Cross-Examination: Maori Co-Governance of Freshwater: Will the Reforms Sink or Swim?

BY ALEX SIMS

The Maori role in improving freshwater quality

New Zealand’s rivers and lakes make up a key part of our natural environment, and are central to the idea of our ‘clean and green’ image. Freshwater is also vital to the survival and existence of our native plants and wildlife, in allowing them to grow and prosper.[1] However changes over the past 150 years, including population growth and farming practices, have placed extreme pressures on our rivers and lakes, causing them to become more and more polluted.[2] We need to find a solution in order to balance the requirements of freshwater use within different communities, along with the need to safeguard and maintain the health of freshwater systems in New Zealand for future generations.

The potential of increasing pollution and damaged lakes and rivers is a major problem faced by all New Zealanders, and many Māori believe the government is not taking enough action to  reverse the damage that has already been done.[3] The Māori Council have claimed that freshwater has been treated by the government as an endless resource, and used for the primary purpose of commercial benefit and income.[4] Ngati Porou freshwater technical advisor, Tina Porou, has stated that the Treaty of Waitangi provided that Māori would share in the management and governance of freshwater, which has not yet been achieved. Due to the exclusion of Māori from freshwater management, our freshwater has become drastically degraded to the point where many of New Zealand’s rivers and lakes are only of a ‘wadeable’ standard.[5]

Māori connection to Freshwater

Freshwater is a taonga (treasure) for Māori, and all iwi and hapū have strong links to the lakes and rivers throughout New Zealand, that connect to their whakapapa (ancestry).[6] This strong connection Māori have to freshwater is also reflected in the Treaty of Waitangi.[7] The Māori Party state that rivers and streams are “a lifeblood for Māori”, and the protection and preservation of freshwater is of central importance, as it should be safe enough to drink and collect food from.[8] Māori Party co-leader Marama Fox believes that all our freshwater must be drinkable, and that wadeable or swimmable water does not go far enough to restore freshwater conditions.[9]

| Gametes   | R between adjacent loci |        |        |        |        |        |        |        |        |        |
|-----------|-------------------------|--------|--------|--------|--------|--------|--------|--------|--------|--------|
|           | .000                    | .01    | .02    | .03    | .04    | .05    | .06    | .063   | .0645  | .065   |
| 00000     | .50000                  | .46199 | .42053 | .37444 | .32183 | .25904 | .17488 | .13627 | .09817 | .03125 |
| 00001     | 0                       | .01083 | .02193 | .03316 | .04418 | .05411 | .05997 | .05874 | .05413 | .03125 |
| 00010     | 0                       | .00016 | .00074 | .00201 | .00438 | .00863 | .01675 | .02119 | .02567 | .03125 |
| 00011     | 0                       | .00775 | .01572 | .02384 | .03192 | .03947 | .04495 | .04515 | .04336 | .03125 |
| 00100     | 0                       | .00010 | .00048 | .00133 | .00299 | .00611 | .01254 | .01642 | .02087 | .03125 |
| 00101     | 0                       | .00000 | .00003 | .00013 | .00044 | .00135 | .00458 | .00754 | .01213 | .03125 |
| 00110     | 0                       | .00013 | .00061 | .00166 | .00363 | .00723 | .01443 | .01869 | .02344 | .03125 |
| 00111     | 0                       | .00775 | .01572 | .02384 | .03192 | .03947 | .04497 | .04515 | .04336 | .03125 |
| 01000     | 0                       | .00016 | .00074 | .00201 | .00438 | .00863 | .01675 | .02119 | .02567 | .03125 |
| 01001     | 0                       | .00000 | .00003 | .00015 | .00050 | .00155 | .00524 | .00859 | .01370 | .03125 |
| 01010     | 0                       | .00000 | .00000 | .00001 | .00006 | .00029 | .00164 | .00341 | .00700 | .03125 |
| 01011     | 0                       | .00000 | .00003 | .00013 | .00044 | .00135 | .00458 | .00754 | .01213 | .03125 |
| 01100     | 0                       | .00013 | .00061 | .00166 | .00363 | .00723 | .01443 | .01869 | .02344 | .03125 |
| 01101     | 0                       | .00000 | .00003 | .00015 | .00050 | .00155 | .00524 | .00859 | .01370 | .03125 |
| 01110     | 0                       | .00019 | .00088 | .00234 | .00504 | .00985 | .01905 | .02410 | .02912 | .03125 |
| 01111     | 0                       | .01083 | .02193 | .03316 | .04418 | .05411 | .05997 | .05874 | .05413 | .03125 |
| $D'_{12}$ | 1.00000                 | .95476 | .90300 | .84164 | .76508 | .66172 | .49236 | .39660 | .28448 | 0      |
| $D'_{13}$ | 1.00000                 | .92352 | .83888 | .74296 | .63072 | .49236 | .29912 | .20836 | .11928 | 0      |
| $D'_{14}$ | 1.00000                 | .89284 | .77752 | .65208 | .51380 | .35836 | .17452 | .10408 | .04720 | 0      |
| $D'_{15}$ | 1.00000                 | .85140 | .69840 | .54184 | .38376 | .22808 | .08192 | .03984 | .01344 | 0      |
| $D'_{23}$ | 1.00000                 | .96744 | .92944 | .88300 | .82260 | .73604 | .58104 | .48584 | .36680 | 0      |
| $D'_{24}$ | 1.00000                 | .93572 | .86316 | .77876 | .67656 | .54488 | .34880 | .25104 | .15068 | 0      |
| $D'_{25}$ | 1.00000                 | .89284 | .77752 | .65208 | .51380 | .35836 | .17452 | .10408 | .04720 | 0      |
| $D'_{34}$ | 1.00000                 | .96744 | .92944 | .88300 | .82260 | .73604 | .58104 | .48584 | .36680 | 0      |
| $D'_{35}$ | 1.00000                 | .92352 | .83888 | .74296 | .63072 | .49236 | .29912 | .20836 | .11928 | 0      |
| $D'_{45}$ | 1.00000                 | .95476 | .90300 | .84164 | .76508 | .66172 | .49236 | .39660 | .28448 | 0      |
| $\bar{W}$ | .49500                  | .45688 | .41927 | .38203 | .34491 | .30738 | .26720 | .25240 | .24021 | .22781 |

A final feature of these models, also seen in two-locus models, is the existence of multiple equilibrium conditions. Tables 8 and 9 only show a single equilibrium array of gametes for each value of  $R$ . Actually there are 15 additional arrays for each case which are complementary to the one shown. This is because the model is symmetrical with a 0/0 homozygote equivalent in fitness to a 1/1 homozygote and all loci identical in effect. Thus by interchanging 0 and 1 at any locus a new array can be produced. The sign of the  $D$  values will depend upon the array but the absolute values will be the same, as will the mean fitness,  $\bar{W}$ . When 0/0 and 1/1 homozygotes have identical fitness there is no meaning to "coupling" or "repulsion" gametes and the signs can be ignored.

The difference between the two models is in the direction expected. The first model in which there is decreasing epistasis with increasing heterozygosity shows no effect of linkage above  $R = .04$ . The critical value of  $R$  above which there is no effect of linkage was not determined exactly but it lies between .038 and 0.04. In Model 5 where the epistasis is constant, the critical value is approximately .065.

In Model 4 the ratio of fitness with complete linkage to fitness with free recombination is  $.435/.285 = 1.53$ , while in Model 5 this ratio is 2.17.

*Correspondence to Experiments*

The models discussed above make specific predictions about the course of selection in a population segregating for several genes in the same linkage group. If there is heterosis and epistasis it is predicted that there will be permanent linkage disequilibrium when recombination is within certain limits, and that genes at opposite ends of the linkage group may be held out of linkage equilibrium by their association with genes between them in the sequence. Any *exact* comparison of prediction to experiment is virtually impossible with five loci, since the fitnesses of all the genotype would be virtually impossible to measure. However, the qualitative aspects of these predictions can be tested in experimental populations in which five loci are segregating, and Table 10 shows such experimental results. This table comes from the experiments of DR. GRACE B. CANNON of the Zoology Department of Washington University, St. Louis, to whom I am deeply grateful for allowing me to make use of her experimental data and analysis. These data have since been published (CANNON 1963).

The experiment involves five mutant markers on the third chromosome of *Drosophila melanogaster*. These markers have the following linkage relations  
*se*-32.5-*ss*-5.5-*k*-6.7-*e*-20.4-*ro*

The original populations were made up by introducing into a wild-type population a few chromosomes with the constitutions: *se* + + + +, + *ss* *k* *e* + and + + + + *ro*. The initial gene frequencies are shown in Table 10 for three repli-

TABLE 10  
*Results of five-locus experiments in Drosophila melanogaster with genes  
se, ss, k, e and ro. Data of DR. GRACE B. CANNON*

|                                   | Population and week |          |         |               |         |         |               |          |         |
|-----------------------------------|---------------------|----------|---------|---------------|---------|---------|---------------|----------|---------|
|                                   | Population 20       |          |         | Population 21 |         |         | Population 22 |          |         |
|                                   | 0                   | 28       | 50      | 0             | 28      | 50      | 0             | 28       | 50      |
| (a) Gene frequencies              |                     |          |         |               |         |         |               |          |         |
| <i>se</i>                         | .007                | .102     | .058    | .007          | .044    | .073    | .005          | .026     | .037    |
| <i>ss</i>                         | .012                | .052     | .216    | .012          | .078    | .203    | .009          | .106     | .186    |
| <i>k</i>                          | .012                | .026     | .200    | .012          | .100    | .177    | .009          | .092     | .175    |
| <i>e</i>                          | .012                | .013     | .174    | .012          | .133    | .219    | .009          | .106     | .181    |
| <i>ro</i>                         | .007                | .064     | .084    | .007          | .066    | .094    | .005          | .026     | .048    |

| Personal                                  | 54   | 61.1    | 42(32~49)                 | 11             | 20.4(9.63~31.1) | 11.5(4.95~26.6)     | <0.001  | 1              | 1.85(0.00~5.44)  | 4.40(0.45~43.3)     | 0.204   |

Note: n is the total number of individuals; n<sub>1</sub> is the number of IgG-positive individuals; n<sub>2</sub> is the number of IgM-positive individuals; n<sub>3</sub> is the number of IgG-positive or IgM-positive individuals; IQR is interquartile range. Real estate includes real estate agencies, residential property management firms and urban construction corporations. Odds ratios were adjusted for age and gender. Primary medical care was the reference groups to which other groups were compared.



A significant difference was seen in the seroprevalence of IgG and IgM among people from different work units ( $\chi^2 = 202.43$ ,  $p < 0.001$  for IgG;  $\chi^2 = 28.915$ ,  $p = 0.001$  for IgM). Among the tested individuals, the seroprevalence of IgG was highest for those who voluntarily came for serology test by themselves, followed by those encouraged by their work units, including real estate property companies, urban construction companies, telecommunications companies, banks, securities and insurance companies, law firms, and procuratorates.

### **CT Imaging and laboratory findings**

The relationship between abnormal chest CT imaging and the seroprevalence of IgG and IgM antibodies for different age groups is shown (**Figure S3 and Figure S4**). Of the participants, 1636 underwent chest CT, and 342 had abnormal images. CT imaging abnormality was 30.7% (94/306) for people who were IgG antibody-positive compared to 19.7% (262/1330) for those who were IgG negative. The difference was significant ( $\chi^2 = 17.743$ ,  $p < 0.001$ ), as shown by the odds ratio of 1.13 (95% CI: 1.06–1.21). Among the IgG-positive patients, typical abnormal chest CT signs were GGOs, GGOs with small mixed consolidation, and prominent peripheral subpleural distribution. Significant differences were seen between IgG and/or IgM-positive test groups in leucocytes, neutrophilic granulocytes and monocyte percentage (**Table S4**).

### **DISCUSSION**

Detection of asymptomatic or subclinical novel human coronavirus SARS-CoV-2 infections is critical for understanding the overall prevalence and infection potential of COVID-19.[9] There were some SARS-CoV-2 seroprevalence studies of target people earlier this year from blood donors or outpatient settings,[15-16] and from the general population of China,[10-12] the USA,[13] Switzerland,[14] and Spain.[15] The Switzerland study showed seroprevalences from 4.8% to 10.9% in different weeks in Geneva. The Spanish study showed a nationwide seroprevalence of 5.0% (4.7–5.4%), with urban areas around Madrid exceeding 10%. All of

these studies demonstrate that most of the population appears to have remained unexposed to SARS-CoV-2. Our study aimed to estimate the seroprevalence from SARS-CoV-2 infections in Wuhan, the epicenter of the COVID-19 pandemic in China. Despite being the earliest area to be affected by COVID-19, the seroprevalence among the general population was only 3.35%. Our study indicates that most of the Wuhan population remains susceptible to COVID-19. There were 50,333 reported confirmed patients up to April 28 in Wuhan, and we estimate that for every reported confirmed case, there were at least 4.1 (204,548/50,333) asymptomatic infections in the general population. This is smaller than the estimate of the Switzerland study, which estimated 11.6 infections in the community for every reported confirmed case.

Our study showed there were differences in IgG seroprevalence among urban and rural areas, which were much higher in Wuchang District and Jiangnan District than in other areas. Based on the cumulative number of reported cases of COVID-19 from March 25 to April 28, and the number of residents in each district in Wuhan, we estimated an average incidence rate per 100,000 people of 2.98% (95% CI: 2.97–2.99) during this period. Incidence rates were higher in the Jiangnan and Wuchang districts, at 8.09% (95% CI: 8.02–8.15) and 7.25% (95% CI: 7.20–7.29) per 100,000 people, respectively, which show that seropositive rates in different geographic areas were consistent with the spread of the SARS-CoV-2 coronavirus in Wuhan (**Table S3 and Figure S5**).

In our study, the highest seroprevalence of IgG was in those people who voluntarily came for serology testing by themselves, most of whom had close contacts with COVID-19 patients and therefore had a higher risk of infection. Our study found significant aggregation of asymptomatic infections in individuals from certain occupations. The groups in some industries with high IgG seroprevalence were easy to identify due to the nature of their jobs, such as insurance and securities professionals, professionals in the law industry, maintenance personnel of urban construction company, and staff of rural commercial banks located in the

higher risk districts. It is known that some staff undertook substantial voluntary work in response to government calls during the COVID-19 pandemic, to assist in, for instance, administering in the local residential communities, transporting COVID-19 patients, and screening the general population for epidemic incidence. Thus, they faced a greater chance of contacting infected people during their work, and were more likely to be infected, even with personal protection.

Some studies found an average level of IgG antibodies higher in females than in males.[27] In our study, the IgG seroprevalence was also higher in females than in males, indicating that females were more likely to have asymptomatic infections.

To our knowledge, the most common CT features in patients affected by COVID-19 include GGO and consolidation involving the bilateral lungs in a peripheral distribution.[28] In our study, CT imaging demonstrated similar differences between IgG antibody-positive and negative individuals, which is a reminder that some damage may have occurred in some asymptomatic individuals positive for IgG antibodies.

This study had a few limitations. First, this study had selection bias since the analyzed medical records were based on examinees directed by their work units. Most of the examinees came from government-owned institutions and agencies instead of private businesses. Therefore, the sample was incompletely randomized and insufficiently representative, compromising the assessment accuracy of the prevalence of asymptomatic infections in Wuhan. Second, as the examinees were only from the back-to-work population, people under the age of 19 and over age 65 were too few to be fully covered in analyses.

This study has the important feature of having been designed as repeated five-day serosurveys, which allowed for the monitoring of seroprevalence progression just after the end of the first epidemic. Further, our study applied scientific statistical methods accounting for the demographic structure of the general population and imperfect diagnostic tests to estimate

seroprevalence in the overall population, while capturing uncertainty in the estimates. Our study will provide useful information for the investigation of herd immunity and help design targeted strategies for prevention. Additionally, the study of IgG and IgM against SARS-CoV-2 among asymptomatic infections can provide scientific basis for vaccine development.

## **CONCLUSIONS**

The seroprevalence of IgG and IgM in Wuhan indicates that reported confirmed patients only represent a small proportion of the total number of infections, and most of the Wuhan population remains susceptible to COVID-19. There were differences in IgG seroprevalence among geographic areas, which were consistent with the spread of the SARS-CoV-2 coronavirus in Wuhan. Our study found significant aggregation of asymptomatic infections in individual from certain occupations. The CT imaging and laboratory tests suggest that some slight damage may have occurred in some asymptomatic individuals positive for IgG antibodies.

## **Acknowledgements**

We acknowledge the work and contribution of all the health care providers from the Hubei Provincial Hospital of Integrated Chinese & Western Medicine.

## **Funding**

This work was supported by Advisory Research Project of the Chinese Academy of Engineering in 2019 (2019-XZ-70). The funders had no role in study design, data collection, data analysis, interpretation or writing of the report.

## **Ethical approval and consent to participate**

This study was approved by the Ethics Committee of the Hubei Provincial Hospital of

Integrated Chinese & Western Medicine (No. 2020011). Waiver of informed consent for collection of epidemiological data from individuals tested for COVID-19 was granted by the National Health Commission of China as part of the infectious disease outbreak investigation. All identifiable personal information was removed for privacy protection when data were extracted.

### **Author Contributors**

Who owns freshwater?

The government has stated that no one owns freshwater in New Zealand, however the Māori Party suggest that groups such as farmers and wine-growers enjoy water rights over freshwater that equate to ownership.[10] The Māori Party have also claimed that these groups use freshwater to create large profits, without having regard to the impact they are having on the increase of pollution in freshwater.[11] Although under the common law in New Zealand no one owns freshwater, it is clear that certain groups in society are profiting from its use, without regard to the damage they are contributing to in our lakes and rivers.[12]